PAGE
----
on the conditions that they should be at liberty voluntarily to transport themselves to any country not at war with his m;;esty; that Mr. Bond * should receive a paruon on the same condition ; and that no further prosecutions should be carried on upon tiie score of the conspiracy, except against actual murderers, or such rebels as should hereafter be taken in arms. The interesting information communicated by these gentlemen has been consolidated in the report which, on the 21st of August, was presented to the house of commons by lord viscount Castlereagh, and the substance of it has already been detailed with other matter in the preceding part of this chapter.

The system of moderation and mercy pursued by lord Cornwallis appeared peculiarly seasonable at this crisis, and was apparently attended with the happiest effects. The system of military law and military execution was relaxed throughout all those jiarts fif the kingdom where the flames of rebellion appeared to be extinguished. In one instance, indeed, his lordship gave some offence to the more violent partisans of government, while his conduct had the praise of every friend of justice and humanity.—A yeoman was tried by a court-martial for the murder, in cold "blood, of a person whom he asserted to have been a rebel. The yeoman was acquitted by the court-martial, but on grounds so unsatisfactory, that his lordship publicly testified his disapprobation of the sentence, and dissolved the court-martial. How far the passins: a bill of attainder, and forfeiture of the estates of lord Edward Fitzgerald, Mr. B. Harvey,

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and Mr. Grogan, may hereafter be considered as in some degree a departure from this system of equity and moderation, we are unable to determine. Though justifies! by precedent, it may be questioned, whether to punish the children for the crimes of the parents be perfectly consistent with the mild and equitable spirit which otherwise animates the general system of British jurisprudence. The celebrated Irish advocate, Mr. Curran, in pleading against the bill, is said to have characterised it in his bold and energetic language as—" a measure of supplementary vengeance, seeking reprisals on the grave of the supposed culprit, and plundering the pittance of the widow, and the cradle of the orphan."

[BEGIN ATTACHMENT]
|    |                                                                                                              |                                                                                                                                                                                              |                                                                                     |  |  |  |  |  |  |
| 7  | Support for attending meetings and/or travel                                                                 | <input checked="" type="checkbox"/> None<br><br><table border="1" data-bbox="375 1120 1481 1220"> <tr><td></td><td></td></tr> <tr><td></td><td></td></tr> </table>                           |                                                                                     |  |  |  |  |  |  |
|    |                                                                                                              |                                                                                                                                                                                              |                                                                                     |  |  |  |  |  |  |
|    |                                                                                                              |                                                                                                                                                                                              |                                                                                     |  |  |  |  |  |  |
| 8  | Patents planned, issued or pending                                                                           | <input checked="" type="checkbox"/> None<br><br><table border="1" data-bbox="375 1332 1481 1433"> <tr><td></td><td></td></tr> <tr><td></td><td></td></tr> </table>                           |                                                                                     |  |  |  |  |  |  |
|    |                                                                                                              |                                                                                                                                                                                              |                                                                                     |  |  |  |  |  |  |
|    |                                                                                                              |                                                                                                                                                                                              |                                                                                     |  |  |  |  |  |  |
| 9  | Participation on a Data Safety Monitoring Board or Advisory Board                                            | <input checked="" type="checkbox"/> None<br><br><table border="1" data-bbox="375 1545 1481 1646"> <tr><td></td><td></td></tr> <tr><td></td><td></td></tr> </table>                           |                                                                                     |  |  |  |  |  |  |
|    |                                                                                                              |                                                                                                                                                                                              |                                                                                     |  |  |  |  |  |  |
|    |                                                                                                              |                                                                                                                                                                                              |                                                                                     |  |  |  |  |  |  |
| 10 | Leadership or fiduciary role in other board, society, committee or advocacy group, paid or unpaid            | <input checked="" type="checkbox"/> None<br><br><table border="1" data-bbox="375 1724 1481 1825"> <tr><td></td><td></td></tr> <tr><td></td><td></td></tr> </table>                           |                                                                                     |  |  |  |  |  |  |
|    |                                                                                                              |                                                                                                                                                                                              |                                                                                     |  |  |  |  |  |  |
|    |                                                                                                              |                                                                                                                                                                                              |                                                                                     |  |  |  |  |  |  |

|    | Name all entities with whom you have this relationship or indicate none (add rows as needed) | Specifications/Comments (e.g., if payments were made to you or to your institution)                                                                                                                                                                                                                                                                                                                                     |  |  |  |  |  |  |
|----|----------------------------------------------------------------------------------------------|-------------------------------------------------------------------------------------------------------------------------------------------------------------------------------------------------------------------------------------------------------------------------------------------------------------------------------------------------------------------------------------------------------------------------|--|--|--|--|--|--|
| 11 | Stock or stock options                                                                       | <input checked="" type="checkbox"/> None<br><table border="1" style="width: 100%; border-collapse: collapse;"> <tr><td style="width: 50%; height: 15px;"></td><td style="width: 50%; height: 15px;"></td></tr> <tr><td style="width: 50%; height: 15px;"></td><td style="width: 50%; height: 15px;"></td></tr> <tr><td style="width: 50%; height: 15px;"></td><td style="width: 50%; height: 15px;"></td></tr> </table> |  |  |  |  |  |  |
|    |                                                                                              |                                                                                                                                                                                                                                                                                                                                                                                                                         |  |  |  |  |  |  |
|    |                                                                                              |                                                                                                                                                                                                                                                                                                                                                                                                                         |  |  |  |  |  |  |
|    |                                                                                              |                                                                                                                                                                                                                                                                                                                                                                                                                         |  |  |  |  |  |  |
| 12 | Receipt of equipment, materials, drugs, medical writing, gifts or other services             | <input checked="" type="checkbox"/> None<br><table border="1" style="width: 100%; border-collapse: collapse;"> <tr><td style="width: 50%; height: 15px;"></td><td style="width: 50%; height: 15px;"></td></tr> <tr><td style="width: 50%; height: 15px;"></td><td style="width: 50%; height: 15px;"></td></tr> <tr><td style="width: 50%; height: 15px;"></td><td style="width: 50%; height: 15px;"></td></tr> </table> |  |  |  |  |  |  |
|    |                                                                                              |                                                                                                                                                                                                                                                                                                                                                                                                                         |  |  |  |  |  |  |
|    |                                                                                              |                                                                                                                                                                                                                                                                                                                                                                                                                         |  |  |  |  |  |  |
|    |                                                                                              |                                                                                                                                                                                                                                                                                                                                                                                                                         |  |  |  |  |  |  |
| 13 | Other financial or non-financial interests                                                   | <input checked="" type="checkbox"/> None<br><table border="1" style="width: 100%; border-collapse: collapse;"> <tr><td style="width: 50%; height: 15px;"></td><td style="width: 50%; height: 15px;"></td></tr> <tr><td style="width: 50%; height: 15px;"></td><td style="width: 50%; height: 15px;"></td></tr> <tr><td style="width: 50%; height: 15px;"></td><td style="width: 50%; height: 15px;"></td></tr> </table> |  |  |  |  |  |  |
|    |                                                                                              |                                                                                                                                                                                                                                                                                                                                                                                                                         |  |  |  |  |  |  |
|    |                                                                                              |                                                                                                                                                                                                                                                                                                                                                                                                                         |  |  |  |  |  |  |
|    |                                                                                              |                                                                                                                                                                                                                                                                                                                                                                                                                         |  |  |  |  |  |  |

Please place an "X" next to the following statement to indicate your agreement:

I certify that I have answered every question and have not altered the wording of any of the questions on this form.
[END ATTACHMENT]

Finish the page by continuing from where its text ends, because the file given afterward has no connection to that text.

To compensate, however, for this solitary instance of severity, a bill of general amnesty was passed in the course of the session, with the exception only of Mr. Nappet Tandy, and about thirty others, chiefly fugitives in France. A bill ■was also passed for granting compensation to such of his majesty's loyal subjects as had sustained losses in their property, in consequence of the Utc rebellion; and commissaries •were named for carrying the same into effect.

After the signal defeat of the rebels at Vinegar-hill, and their consequent expulsion fromEnniscorthy, Wexford, &c. a considerable number dispersed, and returned to their usual occupations. The more desperate retired to the mountainous parts of Wexford and Wicklow counties, where, for a while, they waged a desultory warfare—but in the course of a few weeks were completely subdued. On the 12th of July, however, a large body attacked the town of Clouard, but were repulsed with the loss ot sixty

men, by colonel Blake. The rebel corps, after its defeat, moved towards Longwood, whence they were pursued almost to Oulmullin, anil about thirty were killed in the pursuit. The main body of rebels after this took post on a hill at Garretstown, whither general Myers directed his march, but found that they took advantage of the night to xlecamp. They at length took a strong position in the road to Ardee, where they seemed determined to make a stand; but as soon as the Sunderland regiment arrived with the battalion guqs, they fell into confusion, and were driven into a bog, where great numbers were killed, and a quantity of pikes and muskets taken.